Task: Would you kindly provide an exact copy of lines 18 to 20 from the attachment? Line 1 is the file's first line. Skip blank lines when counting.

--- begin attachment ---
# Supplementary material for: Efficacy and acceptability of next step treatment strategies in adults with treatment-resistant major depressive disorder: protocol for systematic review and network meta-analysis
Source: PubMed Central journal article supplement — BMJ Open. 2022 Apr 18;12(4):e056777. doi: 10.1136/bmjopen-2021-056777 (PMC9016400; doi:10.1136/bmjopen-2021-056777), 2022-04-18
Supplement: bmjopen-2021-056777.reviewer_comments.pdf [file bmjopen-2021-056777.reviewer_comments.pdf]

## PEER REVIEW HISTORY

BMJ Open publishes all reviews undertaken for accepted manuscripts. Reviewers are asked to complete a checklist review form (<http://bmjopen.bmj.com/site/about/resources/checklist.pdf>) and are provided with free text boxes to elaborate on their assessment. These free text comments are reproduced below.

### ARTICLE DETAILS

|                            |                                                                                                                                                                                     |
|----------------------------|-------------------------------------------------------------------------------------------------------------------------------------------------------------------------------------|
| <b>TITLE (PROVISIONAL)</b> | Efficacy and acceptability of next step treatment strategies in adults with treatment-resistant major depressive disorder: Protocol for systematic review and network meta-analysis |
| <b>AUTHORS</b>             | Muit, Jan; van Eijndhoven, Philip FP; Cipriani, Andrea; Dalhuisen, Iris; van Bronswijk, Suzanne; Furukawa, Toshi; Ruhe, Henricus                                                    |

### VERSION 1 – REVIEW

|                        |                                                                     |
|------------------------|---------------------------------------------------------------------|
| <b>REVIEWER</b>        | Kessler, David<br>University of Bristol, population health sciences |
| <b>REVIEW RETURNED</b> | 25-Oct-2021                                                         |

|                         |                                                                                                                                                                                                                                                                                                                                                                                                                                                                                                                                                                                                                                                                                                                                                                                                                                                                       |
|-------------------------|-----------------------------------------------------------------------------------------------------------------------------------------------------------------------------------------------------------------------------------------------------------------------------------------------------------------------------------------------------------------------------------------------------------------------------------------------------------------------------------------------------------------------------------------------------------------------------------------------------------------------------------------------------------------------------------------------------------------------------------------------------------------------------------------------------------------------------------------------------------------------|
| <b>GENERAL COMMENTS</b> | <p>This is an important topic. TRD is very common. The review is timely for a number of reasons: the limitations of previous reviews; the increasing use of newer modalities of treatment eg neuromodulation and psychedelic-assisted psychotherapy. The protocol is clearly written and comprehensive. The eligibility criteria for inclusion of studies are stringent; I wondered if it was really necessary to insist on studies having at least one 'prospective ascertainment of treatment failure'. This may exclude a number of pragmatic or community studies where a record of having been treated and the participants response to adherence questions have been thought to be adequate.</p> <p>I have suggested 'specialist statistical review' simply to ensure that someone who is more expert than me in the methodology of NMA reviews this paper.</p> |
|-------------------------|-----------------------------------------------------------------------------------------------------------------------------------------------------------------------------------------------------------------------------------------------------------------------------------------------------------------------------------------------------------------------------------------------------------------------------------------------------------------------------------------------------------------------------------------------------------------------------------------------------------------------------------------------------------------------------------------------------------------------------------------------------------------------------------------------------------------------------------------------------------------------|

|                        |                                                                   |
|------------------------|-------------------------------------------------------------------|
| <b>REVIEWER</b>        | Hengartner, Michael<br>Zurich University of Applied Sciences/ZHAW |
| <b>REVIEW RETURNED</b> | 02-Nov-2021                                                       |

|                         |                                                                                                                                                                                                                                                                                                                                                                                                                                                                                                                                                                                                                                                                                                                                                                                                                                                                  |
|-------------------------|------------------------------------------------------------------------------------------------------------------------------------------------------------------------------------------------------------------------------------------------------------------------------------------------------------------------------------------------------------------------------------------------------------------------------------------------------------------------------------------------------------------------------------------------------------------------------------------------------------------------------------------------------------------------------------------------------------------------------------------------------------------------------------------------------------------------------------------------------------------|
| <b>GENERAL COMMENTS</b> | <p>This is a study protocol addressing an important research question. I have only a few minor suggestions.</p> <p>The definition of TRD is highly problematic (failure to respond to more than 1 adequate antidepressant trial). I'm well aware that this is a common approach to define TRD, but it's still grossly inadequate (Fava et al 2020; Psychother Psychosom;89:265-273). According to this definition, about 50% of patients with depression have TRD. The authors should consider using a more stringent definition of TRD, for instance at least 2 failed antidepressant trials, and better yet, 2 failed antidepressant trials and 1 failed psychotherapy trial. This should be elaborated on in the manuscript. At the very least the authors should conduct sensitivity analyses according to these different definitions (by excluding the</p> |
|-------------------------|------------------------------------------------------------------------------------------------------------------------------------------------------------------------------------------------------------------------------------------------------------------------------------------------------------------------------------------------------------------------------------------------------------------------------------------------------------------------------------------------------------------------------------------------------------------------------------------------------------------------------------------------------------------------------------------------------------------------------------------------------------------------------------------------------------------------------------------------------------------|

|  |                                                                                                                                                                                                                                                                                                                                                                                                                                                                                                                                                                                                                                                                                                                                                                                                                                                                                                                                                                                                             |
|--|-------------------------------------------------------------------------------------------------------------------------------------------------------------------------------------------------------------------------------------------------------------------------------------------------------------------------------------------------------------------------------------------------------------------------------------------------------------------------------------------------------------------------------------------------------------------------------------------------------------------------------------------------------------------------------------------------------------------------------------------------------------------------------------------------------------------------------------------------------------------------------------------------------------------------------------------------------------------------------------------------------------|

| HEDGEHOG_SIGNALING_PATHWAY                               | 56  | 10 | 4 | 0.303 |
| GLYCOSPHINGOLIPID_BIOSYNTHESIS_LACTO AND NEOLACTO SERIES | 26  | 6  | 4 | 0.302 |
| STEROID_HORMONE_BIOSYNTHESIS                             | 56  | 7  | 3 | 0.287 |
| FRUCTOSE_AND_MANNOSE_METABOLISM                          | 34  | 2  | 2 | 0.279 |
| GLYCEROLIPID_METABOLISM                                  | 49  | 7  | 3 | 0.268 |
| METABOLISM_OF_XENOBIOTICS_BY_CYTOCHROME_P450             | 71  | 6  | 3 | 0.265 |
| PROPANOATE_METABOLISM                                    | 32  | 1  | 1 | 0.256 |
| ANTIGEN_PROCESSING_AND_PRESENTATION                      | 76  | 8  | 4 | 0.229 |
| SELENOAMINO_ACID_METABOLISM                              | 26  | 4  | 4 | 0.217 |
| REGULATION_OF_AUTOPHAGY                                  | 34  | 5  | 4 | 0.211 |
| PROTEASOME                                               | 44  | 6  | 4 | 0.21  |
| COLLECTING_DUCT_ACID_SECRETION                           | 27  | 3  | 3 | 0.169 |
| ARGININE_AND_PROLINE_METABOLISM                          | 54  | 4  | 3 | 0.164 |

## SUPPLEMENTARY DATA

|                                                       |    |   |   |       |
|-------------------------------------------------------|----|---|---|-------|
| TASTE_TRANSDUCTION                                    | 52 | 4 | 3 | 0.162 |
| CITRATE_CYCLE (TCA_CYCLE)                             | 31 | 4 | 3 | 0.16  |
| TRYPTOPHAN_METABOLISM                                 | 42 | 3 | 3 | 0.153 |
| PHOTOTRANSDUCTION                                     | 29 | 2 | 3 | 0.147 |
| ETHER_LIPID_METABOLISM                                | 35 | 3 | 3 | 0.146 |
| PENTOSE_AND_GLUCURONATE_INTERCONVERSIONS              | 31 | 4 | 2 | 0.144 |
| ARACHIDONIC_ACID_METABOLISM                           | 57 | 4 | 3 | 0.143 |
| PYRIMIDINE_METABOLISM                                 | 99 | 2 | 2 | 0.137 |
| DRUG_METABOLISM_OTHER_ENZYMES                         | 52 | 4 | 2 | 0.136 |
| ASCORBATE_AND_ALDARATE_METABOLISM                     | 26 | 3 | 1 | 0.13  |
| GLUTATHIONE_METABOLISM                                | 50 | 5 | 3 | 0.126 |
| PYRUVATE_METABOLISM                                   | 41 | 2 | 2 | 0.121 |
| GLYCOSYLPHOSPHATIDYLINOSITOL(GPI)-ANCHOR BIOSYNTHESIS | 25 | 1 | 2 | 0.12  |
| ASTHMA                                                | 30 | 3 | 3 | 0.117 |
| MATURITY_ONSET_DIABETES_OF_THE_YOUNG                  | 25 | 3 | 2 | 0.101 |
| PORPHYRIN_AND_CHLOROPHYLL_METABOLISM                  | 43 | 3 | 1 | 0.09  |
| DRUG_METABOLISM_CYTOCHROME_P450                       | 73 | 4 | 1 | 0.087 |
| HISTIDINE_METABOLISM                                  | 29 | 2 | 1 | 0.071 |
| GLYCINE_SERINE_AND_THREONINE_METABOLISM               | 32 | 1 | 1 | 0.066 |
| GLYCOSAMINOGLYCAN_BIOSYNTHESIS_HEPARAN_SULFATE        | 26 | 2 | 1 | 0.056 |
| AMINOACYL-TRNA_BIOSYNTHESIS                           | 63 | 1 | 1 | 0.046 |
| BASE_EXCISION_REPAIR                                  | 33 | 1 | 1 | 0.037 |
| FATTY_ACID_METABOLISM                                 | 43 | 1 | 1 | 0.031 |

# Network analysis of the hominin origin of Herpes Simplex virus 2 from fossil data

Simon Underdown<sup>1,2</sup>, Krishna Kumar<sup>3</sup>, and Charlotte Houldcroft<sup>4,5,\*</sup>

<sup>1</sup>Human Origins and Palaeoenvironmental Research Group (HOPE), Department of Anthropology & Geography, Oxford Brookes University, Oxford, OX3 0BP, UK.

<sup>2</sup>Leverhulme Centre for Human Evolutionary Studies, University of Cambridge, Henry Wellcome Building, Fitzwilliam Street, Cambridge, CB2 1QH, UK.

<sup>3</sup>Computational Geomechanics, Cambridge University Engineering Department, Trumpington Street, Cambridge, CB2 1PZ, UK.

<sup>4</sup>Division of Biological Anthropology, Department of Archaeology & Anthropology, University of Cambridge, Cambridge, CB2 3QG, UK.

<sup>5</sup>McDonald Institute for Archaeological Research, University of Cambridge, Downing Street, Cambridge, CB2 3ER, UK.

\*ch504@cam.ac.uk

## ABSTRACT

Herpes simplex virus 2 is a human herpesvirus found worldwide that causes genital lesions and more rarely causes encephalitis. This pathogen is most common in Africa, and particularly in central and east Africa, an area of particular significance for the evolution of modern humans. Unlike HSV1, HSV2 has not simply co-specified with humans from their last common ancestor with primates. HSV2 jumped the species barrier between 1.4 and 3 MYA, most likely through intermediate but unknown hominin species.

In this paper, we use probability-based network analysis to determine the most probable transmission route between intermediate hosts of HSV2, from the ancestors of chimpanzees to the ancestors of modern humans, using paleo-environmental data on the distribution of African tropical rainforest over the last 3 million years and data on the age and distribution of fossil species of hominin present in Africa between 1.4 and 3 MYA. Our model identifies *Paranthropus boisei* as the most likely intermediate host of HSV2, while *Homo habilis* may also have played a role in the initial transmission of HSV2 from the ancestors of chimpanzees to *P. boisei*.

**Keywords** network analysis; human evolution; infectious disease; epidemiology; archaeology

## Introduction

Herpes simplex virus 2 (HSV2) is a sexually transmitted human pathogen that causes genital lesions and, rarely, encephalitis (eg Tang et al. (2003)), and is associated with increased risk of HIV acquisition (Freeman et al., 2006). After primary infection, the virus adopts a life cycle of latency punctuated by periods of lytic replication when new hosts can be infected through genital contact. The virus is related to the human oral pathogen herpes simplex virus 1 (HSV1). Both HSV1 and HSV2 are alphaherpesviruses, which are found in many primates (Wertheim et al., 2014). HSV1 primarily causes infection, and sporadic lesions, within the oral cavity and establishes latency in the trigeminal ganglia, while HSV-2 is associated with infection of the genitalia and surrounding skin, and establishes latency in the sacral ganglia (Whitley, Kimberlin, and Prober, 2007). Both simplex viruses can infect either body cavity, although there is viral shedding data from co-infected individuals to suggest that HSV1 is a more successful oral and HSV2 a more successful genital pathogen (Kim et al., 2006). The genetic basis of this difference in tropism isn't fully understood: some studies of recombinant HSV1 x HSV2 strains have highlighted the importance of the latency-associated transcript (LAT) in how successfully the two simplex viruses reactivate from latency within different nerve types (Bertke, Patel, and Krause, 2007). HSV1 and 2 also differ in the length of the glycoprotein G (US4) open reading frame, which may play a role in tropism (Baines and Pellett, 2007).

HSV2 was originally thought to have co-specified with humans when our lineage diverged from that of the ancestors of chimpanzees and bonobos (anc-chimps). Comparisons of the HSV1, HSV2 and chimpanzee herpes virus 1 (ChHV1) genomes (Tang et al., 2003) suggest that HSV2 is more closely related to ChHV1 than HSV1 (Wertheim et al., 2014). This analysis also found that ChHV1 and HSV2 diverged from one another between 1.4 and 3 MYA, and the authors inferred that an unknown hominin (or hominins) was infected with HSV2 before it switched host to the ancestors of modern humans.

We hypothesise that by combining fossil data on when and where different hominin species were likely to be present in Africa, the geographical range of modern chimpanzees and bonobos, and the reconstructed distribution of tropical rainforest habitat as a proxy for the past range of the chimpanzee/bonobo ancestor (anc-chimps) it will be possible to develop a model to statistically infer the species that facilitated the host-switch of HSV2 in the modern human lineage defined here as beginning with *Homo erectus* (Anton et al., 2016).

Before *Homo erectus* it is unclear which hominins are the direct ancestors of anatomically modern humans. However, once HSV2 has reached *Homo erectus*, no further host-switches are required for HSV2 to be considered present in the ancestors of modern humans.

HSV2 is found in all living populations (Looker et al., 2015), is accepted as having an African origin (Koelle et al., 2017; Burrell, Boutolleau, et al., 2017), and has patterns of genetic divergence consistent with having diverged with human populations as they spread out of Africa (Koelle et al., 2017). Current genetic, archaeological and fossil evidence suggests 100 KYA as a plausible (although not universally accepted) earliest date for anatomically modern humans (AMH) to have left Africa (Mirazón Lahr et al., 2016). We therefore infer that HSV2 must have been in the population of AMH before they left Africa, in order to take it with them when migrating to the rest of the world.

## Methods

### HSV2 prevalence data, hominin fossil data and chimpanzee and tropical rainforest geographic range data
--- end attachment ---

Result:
| <b>GENERAL COMMENTS</b> | <p>This is an important topic. TRD is very common. The review is timely for a number of reasons: the limitations of previous reviews; the increasing use of newer modalities of treatment eg neuromodulation and psychedelic-assisted psychotherapy. The protocol is clearly written and comprehensive. The eligibility criteria for inclusion of studies are stringent; I wondered if it was really necessary to insist on studies having at least one 'prospective ascertainment of treatment failure'. This may exclude a number of pragmatic or community studies where a record of having been treated and the participants response to adherence questions have been thought to be adequate.</p> <p>I have suggested 'specialist statistical review' simply to ensure that someone who is more expert than me in the methodology of NMA reviews this paper.</p> |
|-------------------------|-----------------------------------------------------------------------------------------------------------------------------------------------------------------------------------------------------------------------------------------------------------------------------------------------------------------------------------------------------------------------------------------------------------------------------------------------------------------------------------------------------------------------------------------------------------------------------------------------------------------------------------------------------------------------------------------------------------------------------------------------------------------------------------------------------------------------------------------------------------------------|

|                        |                                                                   |